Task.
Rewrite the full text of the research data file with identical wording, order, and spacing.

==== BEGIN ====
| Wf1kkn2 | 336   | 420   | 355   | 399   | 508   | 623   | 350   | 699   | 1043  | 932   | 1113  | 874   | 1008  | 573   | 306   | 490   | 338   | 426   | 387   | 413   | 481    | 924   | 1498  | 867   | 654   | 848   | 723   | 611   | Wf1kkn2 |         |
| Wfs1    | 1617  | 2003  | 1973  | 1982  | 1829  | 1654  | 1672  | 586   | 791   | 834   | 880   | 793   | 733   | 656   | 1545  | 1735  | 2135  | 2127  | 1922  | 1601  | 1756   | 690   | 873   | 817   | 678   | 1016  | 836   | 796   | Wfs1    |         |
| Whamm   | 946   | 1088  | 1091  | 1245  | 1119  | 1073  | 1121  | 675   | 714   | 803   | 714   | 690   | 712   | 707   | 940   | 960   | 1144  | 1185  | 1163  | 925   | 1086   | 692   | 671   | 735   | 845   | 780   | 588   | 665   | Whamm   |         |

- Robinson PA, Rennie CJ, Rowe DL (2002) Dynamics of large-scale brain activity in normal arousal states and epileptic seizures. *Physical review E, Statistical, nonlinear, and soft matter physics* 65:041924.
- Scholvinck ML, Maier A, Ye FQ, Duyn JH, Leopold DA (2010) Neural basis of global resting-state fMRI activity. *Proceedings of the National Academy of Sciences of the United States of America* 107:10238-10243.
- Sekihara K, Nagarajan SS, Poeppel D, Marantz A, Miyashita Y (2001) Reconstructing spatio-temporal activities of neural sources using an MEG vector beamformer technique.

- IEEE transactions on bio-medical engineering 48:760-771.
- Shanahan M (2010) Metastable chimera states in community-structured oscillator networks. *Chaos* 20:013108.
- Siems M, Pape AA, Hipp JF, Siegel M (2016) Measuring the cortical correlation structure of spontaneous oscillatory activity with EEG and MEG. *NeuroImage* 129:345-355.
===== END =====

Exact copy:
| Wf1kkn2 | 336   | 420   | 355   | 399   | 508   | 623   | 350   | 699   | 1043  | 932   | 1113  | 874   | 1008  | 573   | 306   | 490   | 338   | 426   | 387   | 413   | 481    | 924   | 1498  | 867   | 654   | 848   | 723   | 611   | Wf1kkn2 |         |
| Wfs1    | 1617  | 2003  | 1973  | 1982  | 1829  | 1654  | 1672  | 586   | 791   | 834   | 880   | 793   | 733   | 656   | 1545  | 1735  | 2135  | 2127  | 1922  | 1601  | 1756   | 690   | 873   | 817   | 678   | 1016  | 836   | 796   | Wfs1    |         |
| Whamm   | 946   | 1088  | 1091  | 1245  | 1119  | 1073  | 1121  | 675   | 714   | 803   | 714   | 690   | 712   | 707   | 940   | 960   | 1144  | 1185  | 1163  | 925   | 1086   | 692   | 671   | 735   | 845   | 780   | 588   | 665   | Whamm   |         |

- Robinson PA, Rennie CJ, Rowe DL (2002) Dynamics of large-scale brain activity in normal arousal states and epileptic seizures. *Physical review E, Statistical, nonlinear, and soft matter physics* 65:041924.
- Scholvinck ML, Maier A, Ye FQ, Duyn JH, Leopold DA (2010) Neural basis of global resting-state fMRI activity. *Proceedings of the National Academy of Sciences of the United States of America* 107:10238-10243.
- Sekihara K, Nagarajan SS, Poeppel D, Marantz A, Miyashita Y (2001) Reconstructing spatio-temporal activities of neural sources using an MEG vector beamformer technique.

- IEEE transactions on bio-medical engineering 48:760-771.
- Shanahan M (2010) Metastable chimera states in community-structured oscillator networks. *Chaos* 20:013108.
- Siems M, Pape AA, Hipp JF, Siegel M (2016) Measuring the cortical correlation structure of spontaneous oscillatory activity with EEG and MEG. *NeuroImage* 129:345-355.